Algonquin day 9

Day 9, Sept 9. Timberwolf Lake to Little Misty Lake. 6.8km travelled, 1065 meters in portage

Significant thunderstorms prevailed throughout the night, and I found myself awake and counting the seconds between flash of light and thunder clap, suddenly quite grateful that Don was beside me. I’d gotten to thinking about those old dead and dying hemlock that encircled our camp and imagined one of them coming down in the storm.. not a completely farfetched notion as a large limb had dropped on our tarp earlier in the evening. I remembered stories of trees falling on campers tents in the night, killing them instantly.

Oh how the mind can escalate things out of proportion when tired and darkness has settled.

After the thunderstorms finally passed (Don suggests that I slept through the worst of them), the drying winds came chasing the storm. At times it was difficult to discern whether the drops hitting the tent were being shaken from overhead branches or were fresh ones from the sky. I appreciated the drum-like percussion, our tent drawn so tight, at times quite soothing.

By daybreak, I had donned my raingear and set about making breakfast. As it turned out the raingear was soon quite unnecessary. We packed up and headed out for the weedy passage between Timberwolf and the eastern bay of Misty Lake, hoping that the rainfall of the past several days may have made it more passable and wanting to avoid the 845 overland passage. I hoped for some wildlife to emerge in the rich habitat, particularly after last evening’s storm, but to no avail this morning.

At times, as in the grassy bay, it was difficult to discern where to paddle along this stretch of water, but soon we were at the shorter 135 portage to Misty, which rose up and around a small but stunning waterfall that dropped into a mirrorlike granite pool. It still amazes me that a lazy, almost stagnant body of water can suddenly become a cascading stream, and that the earth in one place changes so quickly from mucky bog, which soaks up the water like a sponge, to granite bedrock, impenetrable by it.

Misty Lake was wind-tossed, with last night’s storm system moving out and the drying winds still blowing strong, and we paddled intently northwest across the bay and into the east/west channel that passes by the large island on which we camped last fall with our friends. We remembered fondly our time with them, dinners and happy hour high on the granite ledge, the picturesque view from that ledge, the tangerine tree that was the subject of Don’s haiku, and my early morning paddle past the sentinel island and across to the facing bay where I visited the beaver lodge and the sleeping loon.

Through the marshland at the western end of the lake toward the portage we meandered. Upon reaching the portage we paused to refuel bodies for the 935 portage and reflected again on the changing Petawawa river. I poked around the boulder strewn river bed that had been so swollen and roiling last fall. Today there were mere puddles here and there amidst the tonnage. It was a quite beautiful setting for our lunch.

The 935 m felt longer than that today, especially the second time across under the canoe, and we were happy to arrive on Little Misty lake with no decisions to make about campsites, as there is only one on the lake. The site itself is quite overused, but the rocks overlooking the vista are welcoming and warm – so warm in truth that we moved to the rocks in the small protected cove on the west side of the site to get out of the sun for awhile.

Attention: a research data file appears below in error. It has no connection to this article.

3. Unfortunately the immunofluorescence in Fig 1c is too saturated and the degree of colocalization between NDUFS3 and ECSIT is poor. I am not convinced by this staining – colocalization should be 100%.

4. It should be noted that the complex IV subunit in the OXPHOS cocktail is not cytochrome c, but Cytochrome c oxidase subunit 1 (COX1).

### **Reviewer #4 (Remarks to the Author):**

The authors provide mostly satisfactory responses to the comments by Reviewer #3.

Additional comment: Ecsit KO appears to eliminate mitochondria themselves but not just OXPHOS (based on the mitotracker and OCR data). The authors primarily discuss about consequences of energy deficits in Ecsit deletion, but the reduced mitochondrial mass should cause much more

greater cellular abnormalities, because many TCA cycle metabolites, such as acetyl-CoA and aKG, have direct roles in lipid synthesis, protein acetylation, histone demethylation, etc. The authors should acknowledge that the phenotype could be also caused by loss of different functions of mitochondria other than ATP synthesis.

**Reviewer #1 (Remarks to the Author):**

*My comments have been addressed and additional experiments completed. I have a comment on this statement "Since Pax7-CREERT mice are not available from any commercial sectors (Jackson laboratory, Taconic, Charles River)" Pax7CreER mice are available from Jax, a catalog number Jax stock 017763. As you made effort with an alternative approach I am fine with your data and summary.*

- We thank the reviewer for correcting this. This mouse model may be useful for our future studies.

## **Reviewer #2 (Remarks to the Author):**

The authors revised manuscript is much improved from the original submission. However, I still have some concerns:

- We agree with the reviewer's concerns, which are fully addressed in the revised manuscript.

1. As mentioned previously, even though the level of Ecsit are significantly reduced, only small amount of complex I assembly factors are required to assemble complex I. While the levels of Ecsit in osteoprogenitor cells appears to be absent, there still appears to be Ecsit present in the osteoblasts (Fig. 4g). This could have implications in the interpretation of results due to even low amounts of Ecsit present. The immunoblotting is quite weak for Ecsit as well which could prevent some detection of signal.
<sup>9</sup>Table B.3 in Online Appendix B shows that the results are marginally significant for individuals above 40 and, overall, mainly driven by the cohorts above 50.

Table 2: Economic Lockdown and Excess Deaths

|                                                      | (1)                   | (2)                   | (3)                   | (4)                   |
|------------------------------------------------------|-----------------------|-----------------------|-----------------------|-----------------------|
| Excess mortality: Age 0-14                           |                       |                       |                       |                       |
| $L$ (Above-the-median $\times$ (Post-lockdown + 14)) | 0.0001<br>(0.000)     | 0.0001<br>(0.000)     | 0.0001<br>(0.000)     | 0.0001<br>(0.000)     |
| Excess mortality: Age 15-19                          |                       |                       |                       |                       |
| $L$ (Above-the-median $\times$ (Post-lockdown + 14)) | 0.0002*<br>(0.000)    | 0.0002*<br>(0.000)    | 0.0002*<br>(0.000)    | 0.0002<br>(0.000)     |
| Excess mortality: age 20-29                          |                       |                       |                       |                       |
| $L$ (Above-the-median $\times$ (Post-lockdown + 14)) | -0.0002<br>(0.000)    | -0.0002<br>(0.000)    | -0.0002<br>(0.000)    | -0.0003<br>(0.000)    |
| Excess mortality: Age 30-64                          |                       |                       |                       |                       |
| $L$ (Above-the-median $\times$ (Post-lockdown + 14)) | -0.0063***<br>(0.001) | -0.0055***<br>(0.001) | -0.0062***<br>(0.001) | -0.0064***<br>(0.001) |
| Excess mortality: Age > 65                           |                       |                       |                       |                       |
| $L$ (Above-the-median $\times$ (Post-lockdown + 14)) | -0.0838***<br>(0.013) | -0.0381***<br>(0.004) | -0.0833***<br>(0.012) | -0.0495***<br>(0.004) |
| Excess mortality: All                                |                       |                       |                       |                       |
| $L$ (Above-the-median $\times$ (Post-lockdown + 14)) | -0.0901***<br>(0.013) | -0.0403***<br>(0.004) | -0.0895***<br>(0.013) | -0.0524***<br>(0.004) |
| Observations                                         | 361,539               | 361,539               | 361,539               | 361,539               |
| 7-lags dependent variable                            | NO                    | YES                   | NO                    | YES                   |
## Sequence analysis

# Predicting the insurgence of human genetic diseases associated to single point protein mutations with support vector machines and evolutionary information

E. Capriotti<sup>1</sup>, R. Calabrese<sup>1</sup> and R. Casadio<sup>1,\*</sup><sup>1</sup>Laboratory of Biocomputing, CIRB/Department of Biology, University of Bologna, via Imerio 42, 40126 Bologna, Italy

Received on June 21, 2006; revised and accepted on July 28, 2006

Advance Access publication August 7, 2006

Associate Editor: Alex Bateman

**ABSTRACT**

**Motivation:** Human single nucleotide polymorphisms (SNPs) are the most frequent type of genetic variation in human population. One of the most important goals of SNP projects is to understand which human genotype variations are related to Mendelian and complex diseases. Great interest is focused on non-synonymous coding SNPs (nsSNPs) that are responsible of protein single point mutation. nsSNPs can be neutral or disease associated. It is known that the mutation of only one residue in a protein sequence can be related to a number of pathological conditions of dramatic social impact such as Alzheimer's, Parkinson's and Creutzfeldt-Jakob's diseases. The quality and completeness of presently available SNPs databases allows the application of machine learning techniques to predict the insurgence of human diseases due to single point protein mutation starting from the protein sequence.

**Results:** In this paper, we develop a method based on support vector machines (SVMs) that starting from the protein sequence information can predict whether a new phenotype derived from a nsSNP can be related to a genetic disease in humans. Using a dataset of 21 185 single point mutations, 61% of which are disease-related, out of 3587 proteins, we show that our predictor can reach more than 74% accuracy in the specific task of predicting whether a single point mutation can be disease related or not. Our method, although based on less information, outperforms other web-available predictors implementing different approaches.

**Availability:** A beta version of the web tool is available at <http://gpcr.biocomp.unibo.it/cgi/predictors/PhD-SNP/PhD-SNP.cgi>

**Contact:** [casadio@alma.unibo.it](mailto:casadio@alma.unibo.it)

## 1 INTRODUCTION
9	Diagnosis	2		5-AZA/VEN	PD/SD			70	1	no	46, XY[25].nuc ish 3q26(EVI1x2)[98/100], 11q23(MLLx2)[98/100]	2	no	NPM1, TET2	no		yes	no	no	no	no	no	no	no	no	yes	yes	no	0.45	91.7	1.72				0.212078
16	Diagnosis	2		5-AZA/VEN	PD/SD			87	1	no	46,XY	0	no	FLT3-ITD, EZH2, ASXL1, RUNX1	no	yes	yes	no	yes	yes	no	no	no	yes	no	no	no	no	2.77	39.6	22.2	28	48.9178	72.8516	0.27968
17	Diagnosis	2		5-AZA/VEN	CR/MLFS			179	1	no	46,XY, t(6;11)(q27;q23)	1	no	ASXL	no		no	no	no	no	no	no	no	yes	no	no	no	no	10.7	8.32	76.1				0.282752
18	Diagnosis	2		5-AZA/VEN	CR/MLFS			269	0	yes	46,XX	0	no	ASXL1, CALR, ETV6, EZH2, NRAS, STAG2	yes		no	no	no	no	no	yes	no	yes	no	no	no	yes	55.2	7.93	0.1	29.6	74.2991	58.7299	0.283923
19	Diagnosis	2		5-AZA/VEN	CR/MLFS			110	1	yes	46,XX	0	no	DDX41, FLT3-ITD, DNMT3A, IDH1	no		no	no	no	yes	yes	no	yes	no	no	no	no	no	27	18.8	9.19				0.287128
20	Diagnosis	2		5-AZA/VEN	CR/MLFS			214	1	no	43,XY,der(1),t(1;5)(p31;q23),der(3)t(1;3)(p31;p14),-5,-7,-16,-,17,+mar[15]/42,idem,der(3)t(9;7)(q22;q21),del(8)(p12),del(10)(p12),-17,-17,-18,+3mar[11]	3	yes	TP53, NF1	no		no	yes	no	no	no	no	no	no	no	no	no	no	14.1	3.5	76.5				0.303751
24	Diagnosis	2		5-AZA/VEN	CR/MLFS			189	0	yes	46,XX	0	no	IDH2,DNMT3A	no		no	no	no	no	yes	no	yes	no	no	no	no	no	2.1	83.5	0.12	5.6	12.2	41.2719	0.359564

I sit there now, next to Don, my beloved, who is sleeping. He is quite weary today. The wind is beginning to calm, and it promises to be a lovely evening, looking at the sky. We have both so appreciated sky-gazing on this trip, perhaps because we see so little of it back home in Mt Gretna, perhaps because its interaction/relationship with the land and the water is so remarkable here.

It is time to prepare dinner.

Evening, twilight.

The lake stilled to liquid ribbons and then to glass. We watch the fish heads shoot above the water’s surface, grasping at the insects that alight. A small mammal slides into the water on the opposite bank. The black reflections of the pickerel leaves at our feet look like elongated hearts dancing in the water. The sky changes from pink to lavender to gold as we watch the line of light the sun casts on the opposite ridge creep up the tree line.

A dragonfly swoops past my ear, saving me from one more mosquito bite, though I’ve gotten quite used to them by now. They bother me only for a minute or two after the bite. Don has gotten up to find his jacket, the first evening one has been necessary in our 9 days here. An adolescent loon emerges into the fuschia water, a silhouette in the ripples. A red squirrel chatters and a lone sparrow sings ‘oh sweet canada’.

We move to the large rock, which was so sunbathed this afternoon, on the point of the site. We have a full view of the sky from here.. north, south, east and west. The evening has grown so chilly, I go to the hardware pack for the lightweight mylar blanket and throw it over our bodies for warmth as we lie back to take in the view of the sky. Two small bodies we are, pinned to this whirling planet by gravity as it cascades through space so vast. We see an airplane catching the silvery light of the vanishing sun before the first star appears, the same star we’ve spotted each evening, directly over our heads. Soon, we are bathed in starlight on this clearest, darkest night since we have arrived in the park.

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